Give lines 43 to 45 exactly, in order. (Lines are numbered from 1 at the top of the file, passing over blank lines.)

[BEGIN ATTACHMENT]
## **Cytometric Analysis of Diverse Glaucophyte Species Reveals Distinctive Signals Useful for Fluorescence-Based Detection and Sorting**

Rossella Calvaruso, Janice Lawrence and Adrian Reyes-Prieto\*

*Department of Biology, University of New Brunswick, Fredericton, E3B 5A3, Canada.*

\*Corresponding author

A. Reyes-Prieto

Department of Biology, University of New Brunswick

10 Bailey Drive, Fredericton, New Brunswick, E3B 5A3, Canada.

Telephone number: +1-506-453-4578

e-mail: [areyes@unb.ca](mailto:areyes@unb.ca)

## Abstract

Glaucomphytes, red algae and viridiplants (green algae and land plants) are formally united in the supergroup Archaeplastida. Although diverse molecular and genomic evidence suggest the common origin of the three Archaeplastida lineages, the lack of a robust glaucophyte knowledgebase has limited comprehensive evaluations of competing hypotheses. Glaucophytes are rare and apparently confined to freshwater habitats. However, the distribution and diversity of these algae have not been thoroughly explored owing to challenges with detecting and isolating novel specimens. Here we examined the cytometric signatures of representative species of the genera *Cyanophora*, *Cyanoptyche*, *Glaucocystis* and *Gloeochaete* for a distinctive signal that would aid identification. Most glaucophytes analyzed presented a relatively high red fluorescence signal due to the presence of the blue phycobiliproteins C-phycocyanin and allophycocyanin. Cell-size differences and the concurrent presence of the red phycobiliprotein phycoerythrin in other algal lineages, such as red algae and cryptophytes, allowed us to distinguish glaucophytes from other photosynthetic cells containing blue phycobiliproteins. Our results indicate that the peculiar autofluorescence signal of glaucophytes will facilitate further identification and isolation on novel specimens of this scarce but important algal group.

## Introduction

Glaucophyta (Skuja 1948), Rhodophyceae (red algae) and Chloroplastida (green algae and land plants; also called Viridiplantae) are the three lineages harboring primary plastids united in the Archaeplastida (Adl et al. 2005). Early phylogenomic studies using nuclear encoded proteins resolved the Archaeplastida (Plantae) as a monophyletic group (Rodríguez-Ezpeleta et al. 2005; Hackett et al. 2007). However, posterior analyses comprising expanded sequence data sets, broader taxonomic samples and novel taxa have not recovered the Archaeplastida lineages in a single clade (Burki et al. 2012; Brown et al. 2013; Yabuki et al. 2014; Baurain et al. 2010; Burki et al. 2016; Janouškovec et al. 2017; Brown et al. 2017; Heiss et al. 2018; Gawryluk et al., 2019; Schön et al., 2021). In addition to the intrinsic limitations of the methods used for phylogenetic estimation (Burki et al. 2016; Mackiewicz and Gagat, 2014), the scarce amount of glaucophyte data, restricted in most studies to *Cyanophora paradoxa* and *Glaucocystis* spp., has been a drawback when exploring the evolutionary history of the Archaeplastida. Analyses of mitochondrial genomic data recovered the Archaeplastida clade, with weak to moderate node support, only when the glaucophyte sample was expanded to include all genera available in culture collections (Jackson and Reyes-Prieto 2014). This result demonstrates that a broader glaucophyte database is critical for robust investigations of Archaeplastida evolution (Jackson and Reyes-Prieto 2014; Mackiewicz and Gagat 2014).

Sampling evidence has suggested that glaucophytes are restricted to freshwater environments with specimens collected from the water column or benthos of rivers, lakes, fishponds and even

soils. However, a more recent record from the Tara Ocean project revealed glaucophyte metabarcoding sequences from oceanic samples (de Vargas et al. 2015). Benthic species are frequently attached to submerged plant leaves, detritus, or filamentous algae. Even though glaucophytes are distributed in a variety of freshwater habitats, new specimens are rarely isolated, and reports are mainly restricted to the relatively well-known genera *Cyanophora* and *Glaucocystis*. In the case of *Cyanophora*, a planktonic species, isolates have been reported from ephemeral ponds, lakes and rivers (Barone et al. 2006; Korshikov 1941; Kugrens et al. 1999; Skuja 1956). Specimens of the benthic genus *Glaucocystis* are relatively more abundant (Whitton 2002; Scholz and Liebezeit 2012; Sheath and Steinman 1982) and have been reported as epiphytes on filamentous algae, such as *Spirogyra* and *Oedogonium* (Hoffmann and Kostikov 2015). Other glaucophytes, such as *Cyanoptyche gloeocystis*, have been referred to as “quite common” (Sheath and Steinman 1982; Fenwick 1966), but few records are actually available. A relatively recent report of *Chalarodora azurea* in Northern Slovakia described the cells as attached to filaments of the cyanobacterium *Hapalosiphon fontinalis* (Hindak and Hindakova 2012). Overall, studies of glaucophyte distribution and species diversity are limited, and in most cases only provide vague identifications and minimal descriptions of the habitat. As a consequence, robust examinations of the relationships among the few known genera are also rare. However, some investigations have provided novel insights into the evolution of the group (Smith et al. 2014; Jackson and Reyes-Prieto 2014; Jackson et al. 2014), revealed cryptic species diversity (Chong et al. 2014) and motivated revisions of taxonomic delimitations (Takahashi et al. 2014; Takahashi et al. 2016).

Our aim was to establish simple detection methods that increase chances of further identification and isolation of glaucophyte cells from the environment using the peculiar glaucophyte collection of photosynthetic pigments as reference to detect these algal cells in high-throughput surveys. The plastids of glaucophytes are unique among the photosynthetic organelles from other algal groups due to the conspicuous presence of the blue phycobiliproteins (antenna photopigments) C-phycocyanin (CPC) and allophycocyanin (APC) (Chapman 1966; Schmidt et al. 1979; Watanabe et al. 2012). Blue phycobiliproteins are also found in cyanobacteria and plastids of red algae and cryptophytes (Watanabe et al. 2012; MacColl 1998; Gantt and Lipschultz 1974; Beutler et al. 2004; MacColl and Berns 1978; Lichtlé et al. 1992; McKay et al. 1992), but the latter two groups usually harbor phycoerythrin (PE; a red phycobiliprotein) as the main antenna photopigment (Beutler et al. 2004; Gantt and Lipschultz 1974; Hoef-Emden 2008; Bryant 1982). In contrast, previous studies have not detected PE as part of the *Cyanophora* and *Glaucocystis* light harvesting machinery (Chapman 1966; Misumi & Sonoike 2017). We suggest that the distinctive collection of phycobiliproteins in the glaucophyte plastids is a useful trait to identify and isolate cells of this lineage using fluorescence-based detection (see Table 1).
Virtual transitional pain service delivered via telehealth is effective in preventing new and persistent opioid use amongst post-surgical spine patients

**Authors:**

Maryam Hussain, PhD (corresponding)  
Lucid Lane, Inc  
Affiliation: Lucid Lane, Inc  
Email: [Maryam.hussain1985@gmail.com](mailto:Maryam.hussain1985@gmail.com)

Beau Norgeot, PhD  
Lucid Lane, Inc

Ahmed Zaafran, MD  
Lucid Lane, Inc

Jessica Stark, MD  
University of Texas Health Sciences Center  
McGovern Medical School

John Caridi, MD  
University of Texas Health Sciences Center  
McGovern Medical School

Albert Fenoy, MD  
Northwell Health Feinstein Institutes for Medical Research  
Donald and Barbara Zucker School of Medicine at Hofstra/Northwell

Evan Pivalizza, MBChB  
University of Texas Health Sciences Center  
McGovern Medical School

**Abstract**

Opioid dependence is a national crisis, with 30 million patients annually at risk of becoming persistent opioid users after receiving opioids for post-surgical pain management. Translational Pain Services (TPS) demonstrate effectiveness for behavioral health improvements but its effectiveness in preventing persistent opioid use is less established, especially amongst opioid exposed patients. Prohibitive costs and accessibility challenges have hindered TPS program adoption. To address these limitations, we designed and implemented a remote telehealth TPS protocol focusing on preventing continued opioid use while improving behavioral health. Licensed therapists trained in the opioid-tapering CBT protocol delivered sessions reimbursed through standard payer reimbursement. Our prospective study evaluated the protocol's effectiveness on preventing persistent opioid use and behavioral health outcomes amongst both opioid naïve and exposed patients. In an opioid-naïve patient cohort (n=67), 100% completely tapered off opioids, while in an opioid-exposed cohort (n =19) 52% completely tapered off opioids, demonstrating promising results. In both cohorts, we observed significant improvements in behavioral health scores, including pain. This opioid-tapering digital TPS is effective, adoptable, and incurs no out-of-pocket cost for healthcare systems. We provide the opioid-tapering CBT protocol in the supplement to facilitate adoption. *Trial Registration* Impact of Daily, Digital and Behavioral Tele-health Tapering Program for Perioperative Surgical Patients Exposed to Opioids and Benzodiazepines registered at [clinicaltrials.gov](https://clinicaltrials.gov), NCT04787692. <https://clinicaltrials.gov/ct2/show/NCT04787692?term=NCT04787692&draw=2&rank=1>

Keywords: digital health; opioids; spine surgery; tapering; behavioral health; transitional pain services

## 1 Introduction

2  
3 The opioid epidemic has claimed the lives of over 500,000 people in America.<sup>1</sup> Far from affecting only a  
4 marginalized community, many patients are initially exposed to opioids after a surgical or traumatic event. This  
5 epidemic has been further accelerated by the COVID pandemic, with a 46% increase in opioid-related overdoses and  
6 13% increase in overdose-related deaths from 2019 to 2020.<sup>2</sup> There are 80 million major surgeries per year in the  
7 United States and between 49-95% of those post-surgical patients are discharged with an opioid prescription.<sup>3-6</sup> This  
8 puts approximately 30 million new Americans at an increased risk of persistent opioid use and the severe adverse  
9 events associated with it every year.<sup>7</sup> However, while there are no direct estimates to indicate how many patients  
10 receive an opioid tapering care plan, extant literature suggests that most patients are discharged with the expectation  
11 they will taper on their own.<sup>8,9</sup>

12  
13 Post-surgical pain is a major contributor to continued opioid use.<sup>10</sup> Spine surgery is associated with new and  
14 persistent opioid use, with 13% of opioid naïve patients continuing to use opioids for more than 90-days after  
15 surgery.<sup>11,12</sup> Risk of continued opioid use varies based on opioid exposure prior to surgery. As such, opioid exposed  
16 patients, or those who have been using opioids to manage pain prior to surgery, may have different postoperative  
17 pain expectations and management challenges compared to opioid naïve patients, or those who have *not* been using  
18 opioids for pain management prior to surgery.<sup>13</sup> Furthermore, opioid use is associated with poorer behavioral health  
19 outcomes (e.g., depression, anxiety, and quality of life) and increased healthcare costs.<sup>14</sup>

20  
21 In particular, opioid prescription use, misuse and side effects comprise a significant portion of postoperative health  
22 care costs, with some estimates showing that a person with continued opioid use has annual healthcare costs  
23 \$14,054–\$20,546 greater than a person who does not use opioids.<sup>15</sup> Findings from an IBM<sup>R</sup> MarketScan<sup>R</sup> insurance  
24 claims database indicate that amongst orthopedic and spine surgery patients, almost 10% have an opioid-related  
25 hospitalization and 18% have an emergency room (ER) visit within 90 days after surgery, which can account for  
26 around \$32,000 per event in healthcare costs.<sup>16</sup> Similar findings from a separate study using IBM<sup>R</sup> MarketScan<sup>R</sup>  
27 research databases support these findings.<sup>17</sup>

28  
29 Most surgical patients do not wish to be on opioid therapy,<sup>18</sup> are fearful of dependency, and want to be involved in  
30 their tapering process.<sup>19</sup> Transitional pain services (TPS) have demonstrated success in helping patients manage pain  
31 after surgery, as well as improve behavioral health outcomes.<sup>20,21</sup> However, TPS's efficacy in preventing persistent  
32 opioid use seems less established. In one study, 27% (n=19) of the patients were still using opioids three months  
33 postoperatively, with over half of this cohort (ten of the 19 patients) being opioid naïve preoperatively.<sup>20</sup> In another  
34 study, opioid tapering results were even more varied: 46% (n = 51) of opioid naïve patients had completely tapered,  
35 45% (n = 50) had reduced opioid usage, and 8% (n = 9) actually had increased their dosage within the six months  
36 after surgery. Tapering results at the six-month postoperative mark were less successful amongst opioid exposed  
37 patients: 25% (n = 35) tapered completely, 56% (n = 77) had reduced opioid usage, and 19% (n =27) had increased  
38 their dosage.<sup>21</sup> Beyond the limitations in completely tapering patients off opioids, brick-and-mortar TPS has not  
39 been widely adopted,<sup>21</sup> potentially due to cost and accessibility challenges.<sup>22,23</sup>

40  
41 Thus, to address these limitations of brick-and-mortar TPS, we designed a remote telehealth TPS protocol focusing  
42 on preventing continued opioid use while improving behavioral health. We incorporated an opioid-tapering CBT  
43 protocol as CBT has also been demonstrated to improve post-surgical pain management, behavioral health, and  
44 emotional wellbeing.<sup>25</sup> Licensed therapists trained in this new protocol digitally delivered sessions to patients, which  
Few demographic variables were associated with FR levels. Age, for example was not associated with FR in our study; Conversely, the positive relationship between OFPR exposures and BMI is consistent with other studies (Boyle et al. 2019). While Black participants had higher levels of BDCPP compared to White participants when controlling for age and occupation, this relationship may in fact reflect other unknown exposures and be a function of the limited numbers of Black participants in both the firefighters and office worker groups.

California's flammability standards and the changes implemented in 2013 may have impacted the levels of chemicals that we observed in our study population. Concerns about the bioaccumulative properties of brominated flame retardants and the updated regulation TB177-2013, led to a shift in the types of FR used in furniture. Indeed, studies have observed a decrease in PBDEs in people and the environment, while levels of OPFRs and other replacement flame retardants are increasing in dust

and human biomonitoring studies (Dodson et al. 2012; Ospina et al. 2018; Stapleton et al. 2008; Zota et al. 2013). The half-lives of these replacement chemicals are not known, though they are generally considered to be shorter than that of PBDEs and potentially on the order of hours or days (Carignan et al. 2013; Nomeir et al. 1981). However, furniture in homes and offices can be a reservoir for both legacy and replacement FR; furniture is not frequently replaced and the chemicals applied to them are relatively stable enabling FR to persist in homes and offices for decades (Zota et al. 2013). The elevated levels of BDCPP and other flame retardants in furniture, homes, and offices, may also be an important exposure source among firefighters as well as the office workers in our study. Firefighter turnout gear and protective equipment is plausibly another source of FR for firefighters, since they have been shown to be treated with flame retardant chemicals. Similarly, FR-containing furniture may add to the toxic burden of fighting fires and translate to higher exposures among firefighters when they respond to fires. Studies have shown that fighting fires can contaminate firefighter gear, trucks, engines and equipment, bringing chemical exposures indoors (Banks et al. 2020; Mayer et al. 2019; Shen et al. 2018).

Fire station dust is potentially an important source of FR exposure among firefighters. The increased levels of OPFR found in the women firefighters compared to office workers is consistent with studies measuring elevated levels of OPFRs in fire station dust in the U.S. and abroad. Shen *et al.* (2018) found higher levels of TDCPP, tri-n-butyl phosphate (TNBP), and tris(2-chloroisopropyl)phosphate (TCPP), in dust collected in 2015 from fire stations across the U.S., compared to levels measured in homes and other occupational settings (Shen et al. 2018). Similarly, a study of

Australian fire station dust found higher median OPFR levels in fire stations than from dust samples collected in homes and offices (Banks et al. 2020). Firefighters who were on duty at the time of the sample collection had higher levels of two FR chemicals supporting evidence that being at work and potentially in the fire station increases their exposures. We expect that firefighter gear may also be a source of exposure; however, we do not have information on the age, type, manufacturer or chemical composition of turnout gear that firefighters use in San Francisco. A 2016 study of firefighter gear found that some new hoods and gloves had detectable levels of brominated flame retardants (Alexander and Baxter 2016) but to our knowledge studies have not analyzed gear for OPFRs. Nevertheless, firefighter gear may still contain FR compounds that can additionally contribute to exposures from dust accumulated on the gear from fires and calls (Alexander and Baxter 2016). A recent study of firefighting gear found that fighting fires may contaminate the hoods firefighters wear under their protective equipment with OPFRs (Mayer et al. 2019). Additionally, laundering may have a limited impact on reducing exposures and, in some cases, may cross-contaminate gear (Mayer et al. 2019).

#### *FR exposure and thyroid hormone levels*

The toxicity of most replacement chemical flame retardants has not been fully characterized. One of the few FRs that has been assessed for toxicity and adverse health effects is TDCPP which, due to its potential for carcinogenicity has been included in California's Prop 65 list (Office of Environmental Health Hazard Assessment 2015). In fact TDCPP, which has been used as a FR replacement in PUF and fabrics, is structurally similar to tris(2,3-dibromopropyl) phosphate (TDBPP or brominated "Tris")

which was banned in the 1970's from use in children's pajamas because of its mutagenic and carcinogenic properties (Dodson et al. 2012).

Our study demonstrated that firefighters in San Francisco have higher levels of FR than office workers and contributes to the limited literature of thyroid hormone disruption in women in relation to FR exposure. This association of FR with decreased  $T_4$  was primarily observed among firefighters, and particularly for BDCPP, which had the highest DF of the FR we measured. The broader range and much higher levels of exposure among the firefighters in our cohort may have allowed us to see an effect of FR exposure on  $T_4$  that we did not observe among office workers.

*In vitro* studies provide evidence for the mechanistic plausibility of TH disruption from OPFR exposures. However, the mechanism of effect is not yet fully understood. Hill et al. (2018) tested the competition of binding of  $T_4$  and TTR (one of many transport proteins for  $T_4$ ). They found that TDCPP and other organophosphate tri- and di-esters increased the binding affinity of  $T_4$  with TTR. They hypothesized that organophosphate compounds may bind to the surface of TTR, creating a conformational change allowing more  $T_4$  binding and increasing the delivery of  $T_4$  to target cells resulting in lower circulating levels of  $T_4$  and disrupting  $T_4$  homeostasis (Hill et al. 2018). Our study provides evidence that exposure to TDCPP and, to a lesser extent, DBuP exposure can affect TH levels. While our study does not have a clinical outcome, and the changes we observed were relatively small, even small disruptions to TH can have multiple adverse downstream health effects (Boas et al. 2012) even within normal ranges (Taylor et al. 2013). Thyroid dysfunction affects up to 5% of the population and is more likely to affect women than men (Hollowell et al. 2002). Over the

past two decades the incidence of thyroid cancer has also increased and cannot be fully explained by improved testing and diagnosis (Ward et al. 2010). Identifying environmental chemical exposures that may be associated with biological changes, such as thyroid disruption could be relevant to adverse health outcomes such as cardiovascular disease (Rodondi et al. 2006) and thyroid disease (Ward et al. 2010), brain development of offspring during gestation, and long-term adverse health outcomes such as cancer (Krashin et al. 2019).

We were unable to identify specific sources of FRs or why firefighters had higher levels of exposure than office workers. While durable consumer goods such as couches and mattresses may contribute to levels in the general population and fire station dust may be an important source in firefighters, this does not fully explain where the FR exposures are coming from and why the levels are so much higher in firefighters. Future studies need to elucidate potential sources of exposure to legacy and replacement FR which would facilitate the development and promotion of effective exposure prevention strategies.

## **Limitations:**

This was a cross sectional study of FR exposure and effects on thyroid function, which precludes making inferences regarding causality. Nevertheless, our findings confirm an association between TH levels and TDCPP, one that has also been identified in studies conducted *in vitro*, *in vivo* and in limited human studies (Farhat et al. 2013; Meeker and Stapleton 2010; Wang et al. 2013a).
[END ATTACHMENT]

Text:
2  
3 The opioid epidemic has claimed the lives of over 500,000 people in America.<sup>1</sup> Far from affecting only a  
4 marginalized community, many patients are initially exposed to opioids after a surgical or traumatic event. This  